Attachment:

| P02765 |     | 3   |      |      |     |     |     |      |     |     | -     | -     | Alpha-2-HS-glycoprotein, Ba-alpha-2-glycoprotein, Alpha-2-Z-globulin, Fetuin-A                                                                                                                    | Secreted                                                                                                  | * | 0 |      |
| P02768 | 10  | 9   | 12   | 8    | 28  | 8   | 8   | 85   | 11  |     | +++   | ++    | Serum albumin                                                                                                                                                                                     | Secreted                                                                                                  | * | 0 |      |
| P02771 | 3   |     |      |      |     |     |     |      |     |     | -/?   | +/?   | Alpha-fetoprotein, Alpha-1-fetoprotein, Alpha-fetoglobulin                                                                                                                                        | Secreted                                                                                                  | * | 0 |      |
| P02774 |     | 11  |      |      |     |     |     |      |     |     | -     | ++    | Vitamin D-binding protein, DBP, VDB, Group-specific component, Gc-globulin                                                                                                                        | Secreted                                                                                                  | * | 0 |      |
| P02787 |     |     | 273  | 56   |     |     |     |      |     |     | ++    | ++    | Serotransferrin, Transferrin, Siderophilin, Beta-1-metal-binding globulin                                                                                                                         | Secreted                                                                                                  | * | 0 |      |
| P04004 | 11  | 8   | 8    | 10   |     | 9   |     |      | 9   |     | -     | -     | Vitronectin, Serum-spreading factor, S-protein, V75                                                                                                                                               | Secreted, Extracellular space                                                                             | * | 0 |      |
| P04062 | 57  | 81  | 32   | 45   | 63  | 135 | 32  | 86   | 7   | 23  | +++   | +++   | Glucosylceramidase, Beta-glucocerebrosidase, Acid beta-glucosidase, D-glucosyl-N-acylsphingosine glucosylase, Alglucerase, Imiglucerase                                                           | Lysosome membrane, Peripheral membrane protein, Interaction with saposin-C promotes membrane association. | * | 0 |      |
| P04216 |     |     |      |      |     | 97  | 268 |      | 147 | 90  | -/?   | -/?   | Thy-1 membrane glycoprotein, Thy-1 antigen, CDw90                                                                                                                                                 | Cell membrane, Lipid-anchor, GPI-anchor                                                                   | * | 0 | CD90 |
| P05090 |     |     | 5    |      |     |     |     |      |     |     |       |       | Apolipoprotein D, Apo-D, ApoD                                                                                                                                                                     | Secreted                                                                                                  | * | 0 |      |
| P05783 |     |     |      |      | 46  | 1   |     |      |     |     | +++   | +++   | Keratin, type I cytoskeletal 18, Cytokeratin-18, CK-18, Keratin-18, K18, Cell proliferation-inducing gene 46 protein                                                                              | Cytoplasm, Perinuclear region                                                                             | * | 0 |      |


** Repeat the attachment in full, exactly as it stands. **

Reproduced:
| P02765 |     | 3   |      |      |     |     |     |      |     |     | -     | -     | Alpha-2-HS-glycoprotein, Ba-alpha-2-glycoprotein, Alpha-2-Z-globulin, Fetuin-A                                                                                                                    | Secreted                                                                                                  | * | 0 |      |
| P02768 | 10  | 9   | 12   | 8    | 28  | 8   | 8   | 85   | 11  |     | +++   | ++    | Serum albumin                                                                                                                                                                                     | Secreted                                                                                                  | * | 0 |      |
| P02771 | 3   |     |      |      |     |     |     |      |     |     | -/?   | +/?   | Alpha-fetoprotein, Alpha-1-fetoprotein, Alpha-fetoglobulin                                                                                                                                        | Secreted                                                                                                  | * | 0 |      |
| P02774 |     | 11  |      |      |     |     |     |      |     |     | -     | ++    | Vitamin D-binding protein, DBP, VDB, Group-specific component, Gc-globulin                                                                                                                        | Secreted                                                                                                  | * | 0 |      |
| P02787 |     |     | 273  | 56   |     |     |     |      |     |     | ++    | ++    | Serotransferrin, Transferrin, Siderophilin, Beta-1-metal-binding globulin                                                                                                                         | Secreted                                                                                                  | * | 0 |      |
| P04004 | 11  | 8   | 8    | 10   |     | 9   |     |      | 9   |     | -     | -     | Vitronectin, Serum-spreading factor, S-protein, V75                                                                                                                                               | Secreted, Extracellular space                                                                             | * | 0 |      |
| P04062 | 57  | 81  | 32   | 45   | 63  | 135 | 32  | 86   | 7   | 23  | +++   | +++   | Glucosylceramidase, Beta-glucocerebrosidase, Acid beta-glucosidase, D-glucosyl-N-acylsphingosine glucosylase, Alglucerase, Imiglucerase                                                           | Lysosome membrane, Peripheral membrane protein, Interaction with saposin-C promotes membrane association. | * | 0 |      |
| P04216 |     |     |      |      |     | 97  | 268 |      | 147 | 90  | -/?   | -/?   | Thy-1 membrane glycoprotein, Thy-1 antigen, CDw90                                                                                                                                                 | Cell membrane, Lipid-anchor, GPI-anchor                                                                   | * | 0 | CD90 |
| P05090 |     |     | 5    |      |     |     |     |      |     |     |       |       | Apolipoprotein D, Apo-D, ApoD                                                                                                                                                                     | Secreted                                                                                                  | * | 0 |      |
| P05783 |     |     |      |      | 46  | 1   |     |      |     |     | +++   | +++   | Keratin, type I cytoskeletal 18, Cytokeratin-18, CK-18, Keratin-18, K18, Cell proliferation-inducing gene 46 protein                                                                              | Cytoplasm, Perinuclear region                                                                             | * | 0 |      |